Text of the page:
to substantial deployment. So, yes, in order for CCS to happen,
you are right that, in parallel with EPS, we do need financial
incentives that allow investors to invest in the CCS demonstration
programme with the right sort of back-up so that we can get to
the stage where the Government assist the technology to be proven
before it goes ahead. Chris, you might want to add to that.
I think there are two things that relate to the demonstration
of CCS and the role of new investment. One is how severe you
make an EPS when you are applying it to demonstration CCS plants.
I think there would be a very good case to allow additional
flexibilities for the first wave of plants, but then you need
to accompany that with either a progressive tightening or
a future signal to the level of performance that will be
required across the industry as a whole during the 2020s,
which was what was being discussed in the first session this morning.
What we have to avoid is a situation where we
may currently be at the moment where people building CCS demonstration
plants believe that they will be continuing to compete against
unabated gas in the 2020s and into the 2030s, so this is what
Simon says about creating the scale of the market opportunity
and looking at the competitive basis. Giving a future signal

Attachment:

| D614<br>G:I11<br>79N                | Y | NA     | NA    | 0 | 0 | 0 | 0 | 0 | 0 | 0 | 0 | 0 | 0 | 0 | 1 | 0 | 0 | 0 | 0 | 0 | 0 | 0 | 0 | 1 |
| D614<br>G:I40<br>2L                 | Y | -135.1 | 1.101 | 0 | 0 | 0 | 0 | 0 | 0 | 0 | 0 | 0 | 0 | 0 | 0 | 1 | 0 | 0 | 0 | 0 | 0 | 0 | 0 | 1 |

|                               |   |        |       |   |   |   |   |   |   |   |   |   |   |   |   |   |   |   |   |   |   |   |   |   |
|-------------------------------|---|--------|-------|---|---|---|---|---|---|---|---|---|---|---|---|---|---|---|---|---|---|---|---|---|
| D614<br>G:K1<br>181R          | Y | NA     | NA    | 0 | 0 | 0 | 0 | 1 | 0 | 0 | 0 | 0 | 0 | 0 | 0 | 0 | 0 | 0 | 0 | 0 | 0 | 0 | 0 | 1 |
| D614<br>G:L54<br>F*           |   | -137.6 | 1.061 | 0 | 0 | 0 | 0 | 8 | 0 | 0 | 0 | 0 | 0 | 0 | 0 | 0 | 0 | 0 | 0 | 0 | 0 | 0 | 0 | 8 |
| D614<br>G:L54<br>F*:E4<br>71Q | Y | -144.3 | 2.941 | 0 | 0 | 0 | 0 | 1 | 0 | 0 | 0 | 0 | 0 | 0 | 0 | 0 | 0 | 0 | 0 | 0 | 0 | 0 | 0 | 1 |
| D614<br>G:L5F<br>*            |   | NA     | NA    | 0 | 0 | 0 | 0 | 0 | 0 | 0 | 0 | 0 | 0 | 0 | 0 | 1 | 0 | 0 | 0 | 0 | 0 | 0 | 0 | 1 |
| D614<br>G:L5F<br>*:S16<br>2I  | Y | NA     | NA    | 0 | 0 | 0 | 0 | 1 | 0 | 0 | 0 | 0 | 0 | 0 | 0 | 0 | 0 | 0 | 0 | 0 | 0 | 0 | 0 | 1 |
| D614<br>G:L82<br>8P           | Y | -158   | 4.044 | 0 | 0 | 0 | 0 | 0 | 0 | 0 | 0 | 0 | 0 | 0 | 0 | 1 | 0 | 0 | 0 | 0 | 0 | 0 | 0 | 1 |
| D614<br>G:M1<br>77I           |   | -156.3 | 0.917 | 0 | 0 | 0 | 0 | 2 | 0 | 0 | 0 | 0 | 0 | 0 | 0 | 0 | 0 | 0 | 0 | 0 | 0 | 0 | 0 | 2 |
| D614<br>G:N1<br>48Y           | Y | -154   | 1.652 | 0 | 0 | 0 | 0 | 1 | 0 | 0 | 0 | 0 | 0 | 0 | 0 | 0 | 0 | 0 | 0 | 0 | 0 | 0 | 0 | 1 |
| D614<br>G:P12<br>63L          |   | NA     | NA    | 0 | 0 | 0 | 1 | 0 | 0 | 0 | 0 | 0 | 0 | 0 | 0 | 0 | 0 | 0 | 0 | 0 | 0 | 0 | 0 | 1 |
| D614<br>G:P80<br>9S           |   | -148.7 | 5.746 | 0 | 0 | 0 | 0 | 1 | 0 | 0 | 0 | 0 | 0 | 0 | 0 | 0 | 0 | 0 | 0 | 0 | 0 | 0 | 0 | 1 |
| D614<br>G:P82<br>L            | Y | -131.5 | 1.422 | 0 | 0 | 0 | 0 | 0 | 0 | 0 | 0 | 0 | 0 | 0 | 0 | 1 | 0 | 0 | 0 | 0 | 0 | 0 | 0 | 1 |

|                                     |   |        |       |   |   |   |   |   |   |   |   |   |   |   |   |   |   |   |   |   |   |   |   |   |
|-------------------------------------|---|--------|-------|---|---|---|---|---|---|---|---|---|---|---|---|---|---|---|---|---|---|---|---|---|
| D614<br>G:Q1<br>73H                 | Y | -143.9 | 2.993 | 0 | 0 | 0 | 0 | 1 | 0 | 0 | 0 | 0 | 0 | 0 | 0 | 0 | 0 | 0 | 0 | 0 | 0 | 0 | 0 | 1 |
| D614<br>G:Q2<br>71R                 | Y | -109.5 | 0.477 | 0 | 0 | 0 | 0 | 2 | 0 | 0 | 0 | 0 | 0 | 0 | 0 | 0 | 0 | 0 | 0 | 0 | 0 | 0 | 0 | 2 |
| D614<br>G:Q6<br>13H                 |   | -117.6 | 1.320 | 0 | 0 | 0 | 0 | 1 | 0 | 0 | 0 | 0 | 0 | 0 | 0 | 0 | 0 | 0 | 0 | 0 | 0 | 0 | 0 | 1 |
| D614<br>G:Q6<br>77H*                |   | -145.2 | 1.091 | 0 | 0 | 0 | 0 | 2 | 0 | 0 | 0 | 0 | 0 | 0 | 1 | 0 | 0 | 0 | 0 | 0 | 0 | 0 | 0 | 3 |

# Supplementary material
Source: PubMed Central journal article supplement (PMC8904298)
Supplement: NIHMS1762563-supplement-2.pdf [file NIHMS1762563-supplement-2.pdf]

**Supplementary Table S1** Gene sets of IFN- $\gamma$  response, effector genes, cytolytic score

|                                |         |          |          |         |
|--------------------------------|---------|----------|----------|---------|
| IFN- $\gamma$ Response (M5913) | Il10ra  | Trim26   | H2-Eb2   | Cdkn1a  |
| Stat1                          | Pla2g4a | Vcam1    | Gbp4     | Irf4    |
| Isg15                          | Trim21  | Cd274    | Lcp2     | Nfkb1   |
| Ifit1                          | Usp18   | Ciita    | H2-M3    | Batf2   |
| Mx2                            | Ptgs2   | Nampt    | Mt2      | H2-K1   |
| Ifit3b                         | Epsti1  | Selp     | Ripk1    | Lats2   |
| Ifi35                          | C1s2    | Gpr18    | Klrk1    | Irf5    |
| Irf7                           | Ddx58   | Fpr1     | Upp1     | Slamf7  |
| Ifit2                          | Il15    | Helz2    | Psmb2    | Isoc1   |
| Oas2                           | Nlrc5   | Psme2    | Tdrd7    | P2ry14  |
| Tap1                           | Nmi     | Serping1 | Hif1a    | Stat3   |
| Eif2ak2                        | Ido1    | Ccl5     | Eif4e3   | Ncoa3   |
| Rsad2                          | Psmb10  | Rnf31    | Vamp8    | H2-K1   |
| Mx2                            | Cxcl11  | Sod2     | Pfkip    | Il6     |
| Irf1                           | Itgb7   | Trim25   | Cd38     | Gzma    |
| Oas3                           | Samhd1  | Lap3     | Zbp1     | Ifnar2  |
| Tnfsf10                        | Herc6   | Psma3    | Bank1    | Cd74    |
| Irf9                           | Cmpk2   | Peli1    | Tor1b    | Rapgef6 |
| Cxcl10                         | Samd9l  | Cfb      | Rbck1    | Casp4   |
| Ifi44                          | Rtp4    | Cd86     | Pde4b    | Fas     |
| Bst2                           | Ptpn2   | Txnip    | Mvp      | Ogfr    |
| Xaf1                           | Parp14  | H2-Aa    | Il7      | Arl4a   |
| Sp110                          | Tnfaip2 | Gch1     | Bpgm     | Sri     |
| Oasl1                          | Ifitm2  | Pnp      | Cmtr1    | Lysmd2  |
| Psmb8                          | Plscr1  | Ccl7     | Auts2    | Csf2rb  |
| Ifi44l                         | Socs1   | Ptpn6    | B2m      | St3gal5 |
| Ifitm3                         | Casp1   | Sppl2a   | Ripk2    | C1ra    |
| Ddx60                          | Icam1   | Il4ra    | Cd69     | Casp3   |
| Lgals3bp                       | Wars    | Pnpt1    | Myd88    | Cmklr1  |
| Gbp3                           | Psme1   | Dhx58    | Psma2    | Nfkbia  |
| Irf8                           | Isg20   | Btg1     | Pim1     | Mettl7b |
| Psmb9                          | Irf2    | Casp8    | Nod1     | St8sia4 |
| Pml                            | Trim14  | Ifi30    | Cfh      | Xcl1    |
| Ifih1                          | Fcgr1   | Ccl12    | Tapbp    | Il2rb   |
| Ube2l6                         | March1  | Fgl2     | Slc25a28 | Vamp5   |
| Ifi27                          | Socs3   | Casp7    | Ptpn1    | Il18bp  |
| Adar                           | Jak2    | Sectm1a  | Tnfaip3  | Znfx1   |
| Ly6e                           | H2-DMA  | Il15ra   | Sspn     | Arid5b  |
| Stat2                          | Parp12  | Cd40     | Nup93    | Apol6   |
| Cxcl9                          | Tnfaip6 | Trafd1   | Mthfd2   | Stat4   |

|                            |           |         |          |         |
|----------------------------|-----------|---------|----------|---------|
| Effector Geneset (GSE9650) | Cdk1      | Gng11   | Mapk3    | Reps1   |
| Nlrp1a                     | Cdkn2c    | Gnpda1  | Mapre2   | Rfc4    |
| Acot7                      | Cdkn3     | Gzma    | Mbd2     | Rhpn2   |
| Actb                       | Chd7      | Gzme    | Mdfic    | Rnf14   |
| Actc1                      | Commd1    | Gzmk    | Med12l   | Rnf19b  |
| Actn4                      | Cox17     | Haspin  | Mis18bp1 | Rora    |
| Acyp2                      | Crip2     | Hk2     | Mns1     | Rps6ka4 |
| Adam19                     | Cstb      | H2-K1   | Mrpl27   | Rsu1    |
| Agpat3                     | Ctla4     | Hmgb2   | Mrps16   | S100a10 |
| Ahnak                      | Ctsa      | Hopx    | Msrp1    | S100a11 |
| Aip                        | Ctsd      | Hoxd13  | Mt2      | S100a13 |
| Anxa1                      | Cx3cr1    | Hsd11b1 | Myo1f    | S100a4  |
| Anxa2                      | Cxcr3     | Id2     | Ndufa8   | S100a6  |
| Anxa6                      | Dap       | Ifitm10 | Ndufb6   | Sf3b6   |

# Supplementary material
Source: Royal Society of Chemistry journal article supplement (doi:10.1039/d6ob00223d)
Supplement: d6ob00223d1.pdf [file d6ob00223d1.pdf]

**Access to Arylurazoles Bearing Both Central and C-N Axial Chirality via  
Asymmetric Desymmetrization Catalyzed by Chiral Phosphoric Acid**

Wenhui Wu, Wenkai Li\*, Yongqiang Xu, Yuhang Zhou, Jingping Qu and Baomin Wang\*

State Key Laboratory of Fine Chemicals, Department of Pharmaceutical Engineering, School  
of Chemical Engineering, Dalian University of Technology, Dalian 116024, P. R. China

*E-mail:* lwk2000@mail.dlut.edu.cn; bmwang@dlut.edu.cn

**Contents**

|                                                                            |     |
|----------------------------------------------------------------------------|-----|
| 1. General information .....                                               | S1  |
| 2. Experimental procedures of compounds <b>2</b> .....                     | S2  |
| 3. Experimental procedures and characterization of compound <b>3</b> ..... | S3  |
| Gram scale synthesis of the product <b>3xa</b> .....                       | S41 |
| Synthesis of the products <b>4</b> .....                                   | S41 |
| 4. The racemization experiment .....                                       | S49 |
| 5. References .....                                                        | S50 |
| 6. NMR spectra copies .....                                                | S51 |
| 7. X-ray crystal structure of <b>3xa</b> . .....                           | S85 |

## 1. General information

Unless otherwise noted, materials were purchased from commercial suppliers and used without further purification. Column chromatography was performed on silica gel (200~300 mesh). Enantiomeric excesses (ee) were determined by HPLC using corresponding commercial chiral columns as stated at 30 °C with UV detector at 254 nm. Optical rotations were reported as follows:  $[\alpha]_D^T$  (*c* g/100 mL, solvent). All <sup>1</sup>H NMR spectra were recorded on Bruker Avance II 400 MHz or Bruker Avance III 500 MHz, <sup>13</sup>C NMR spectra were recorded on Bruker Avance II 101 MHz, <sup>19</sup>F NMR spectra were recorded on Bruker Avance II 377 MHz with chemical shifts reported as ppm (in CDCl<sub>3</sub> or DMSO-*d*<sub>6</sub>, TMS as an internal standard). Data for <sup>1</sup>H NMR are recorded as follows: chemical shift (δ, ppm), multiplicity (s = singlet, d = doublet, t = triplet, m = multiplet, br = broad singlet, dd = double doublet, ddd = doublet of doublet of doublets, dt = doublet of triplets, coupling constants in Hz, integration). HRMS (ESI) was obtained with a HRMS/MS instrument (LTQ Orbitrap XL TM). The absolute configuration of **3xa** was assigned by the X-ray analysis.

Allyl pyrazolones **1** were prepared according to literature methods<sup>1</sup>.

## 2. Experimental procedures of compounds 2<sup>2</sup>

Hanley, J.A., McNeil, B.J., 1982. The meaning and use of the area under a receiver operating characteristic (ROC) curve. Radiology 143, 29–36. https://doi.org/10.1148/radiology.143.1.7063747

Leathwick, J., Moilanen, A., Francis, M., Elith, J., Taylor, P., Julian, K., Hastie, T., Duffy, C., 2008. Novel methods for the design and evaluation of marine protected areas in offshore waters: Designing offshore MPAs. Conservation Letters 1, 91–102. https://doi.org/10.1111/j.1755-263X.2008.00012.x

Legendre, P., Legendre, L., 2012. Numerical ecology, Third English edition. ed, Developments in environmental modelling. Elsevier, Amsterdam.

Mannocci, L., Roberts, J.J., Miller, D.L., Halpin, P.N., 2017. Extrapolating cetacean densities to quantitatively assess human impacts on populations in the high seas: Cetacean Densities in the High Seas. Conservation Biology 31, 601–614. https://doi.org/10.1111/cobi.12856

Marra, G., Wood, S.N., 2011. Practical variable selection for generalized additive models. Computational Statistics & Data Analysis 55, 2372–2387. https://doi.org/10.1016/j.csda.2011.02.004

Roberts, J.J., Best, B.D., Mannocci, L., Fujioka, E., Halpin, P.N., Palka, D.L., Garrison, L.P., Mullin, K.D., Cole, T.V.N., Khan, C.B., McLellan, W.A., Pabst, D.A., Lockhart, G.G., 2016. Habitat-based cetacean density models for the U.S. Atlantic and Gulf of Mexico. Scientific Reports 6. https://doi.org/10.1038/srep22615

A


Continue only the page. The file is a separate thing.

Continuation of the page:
to an EPS for the 2020s is actually a good way of incentivising
people to do CCS earlier, because they believe that they will
then be well positioned ahead of that time.
I think we need to be clear. The problem you describe is indeed
a problem, but it is a problem derived from decarbonisationthe
problem that you build a fossil fuel plant in the expectation
that CCS will work, it doesn't, and you are left with a stranded
asset. That is nothing to do with EPS; that is a function of
decarbonisation. It can be caused by a high carbon price; it
can be caused by whatever instruments are used to decarbonise.
So that is a key issue that needs to be addressed through
a welldesigned demonstration programme that seeks to
minimise the costs to society of those inherent risks.
Nick Molho: Just
to build on that, ultimately it goes back to the fact that that
is precisely why we need to avoid locking ourselves into a high-carbon
pathway and why, as much as possible, we need to focus investment
on the cleanest forms of renewable energy, if we want to avoid
that sort of situation.
Q59 Sir Robert Smith:
Can you think of some examples where setting a standard like
EPS has been effective in stimulating technology?
Nick Molho: Absolutely.
I would like to refer you to a report, which I am happy to provide
the Committee with afterwards, that was prepared by the Pew Center